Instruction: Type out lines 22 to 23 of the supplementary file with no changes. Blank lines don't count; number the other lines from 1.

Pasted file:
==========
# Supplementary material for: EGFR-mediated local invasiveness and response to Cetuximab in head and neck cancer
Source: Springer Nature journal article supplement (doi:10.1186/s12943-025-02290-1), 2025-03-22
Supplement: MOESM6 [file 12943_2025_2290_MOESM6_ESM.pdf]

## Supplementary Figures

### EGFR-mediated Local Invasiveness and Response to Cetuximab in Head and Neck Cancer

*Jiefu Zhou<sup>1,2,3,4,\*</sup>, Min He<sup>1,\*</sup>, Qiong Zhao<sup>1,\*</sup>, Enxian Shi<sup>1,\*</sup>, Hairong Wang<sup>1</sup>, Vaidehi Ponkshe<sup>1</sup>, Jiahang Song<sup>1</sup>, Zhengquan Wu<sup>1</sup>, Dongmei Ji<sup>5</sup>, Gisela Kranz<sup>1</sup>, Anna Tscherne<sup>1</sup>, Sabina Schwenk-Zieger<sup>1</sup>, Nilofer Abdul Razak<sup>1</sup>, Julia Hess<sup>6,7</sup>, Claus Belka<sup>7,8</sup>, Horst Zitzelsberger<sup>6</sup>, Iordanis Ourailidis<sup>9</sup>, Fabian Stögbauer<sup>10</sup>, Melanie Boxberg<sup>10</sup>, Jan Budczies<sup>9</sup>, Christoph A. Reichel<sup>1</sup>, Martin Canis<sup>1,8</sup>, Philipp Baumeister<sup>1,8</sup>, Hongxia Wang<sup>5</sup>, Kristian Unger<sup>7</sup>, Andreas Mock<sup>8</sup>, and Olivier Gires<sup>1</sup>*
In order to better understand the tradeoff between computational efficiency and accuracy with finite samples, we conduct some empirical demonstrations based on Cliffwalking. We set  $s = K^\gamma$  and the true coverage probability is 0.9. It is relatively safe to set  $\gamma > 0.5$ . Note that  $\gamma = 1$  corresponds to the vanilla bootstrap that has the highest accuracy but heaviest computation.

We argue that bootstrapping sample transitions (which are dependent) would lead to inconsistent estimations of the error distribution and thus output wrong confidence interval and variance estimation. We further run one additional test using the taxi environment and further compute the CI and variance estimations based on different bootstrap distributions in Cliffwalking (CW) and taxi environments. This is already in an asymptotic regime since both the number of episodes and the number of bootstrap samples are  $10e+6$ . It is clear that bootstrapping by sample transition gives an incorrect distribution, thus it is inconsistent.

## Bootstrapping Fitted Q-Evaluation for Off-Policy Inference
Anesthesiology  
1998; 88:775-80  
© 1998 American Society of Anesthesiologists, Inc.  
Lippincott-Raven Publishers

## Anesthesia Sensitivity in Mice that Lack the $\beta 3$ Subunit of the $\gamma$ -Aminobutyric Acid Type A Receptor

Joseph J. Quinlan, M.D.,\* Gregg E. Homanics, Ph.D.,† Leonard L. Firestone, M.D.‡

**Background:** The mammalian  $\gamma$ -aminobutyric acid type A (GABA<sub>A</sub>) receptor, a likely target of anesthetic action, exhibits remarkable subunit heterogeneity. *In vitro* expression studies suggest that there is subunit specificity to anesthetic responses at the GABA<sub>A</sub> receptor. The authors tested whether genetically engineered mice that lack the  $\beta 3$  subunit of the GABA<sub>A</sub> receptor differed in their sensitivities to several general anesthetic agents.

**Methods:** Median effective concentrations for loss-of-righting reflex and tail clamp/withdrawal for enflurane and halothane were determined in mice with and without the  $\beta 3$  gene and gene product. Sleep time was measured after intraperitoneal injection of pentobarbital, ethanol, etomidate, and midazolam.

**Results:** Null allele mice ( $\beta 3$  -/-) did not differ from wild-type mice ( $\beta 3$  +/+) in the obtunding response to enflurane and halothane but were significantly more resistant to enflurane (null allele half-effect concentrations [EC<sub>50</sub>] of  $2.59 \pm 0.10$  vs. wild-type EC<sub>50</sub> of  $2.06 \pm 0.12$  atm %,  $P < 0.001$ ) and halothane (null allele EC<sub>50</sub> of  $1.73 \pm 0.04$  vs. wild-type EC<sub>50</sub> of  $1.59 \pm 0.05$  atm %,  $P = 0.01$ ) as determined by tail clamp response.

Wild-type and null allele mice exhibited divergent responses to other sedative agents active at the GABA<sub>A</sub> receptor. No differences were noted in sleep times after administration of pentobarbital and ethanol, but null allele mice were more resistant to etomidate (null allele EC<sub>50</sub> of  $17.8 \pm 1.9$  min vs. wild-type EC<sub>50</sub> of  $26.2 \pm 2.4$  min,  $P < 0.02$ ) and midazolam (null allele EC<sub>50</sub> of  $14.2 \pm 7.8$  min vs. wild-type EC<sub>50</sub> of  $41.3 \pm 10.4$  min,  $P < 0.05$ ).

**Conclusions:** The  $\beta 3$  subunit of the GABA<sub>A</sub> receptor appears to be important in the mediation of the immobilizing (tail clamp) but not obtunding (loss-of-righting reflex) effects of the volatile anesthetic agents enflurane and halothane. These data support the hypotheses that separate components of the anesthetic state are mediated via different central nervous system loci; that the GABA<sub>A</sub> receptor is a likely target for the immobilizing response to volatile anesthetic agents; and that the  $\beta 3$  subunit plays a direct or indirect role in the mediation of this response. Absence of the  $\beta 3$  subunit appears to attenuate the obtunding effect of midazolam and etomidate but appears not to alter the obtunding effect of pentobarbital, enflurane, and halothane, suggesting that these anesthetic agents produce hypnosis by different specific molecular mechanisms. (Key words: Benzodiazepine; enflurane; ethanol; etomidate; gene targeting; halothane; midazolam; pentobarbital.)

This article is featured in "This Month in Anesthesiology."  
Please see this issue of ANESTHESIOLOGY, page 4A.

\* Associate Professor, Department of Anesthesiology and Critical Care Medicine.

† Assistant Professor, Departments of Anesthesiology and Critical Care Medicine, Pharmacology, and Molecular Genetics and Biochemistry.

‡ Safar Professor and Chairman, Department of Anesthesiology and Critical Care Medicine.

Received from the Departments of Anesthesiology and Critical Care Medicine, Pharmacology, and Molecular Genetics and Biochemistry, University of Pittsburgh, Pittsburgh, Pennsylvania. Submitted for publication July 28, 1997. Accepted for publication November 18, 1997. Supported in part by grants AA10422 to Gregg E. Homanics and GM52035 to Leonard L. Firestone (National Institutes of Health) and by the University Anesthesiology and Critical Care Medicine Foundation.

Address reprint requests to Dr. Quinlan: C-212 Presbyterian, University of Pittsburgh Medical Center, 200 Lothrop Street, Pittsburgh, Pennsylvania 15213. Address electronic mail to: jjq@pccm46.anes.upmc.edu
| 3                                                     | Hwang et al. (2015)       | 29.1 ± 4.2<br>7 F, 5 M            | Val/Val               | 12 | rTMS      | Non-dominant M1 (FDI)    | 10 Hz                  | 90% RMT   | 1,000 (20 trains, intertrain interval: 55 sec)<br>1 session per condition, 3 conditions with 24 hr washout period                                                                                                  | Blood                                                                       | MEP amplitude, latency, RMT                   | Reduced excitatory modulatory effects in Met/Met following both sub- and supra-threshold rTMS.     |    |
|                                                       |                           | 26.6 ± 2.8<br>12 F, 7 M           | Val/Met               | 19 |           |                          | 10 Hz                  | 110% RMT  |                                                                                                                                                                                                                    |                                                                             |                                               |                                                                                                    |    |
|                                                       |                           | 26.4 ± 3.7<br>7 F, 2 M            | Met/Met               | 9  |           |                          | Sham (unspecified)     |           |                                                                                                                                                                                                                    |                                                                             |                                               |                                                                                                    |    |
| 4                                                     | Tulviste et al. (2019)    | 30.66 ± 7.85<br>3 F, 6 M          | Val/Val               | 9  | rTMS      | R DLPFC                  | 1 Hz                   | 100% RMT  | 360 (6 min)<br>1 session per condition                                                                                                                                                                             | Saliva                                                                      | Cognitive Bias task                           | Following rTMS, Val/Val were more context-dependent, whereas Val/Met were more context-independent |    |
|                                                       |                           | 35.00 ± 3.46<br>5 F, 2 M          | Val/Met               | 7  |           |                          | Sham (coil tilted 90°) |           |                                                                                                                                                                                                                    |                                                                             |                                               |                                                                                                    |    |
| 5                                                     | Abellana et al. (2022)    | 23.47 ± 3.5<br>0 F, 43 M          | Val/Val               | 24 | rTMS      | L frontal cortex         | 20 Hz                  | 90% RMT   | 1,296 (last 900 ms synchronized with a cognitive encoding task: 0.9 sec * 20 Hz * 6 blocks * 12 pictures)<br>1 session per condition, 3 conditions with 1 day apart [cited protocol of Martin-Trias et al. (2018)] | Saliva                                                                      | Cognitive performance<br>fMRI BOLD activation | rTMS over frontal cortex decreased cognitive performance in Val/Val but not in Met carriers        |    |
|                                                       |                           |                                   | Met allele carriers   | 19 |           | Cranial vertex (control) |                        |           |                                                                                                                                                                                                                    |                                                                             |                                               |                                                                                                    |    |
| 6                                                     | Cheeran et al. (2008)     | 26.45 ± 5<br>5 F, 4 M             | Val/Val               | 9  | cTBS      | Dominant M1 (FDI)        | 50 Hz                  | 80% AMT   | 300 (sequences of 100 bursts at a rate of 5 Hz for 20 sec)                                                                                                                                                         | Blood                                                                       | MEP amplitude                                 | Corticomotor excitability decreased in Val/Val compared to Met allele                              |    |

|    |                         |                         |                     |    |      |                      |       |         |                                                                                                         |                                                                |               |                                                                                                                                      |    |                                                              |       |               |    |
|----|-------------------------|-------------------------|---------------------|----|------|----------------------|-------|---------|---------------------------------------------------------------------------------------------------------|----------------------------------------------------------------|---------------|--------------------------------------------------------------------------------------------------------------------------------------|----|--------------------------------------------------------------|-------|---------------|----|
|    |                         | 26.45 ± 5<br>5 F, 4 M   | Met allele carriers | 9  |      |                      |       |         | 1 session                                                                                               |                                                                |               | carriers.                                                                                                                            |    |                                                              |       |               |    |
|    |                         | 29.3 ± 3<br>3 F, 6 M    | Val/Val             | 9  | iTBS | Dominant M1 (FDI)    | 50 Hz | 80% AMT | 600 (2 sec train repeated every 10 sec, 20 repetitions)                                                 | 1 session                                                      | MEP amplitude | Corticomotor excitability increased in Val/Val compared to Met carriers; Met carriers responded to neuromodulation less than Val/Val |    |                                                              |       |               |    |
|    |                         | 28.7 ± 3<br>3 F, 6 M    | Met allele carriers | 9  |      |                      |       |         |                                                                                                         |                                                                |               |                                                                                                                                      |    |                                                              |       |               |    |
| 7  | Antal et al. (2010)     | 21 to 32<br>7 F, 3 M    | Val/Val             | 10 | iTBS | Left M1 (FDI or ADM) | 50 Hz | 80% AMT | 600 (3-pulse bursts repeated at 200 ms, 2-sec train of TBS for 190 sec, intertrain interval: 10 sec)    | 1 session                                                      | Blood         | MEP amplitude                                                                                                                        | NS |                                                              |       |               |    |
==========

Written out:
Please see this issue of ANESTHESIOLOGY, page 4A.

\* Associate Professor, Department of Anesthesiology and Critical Care Medicine.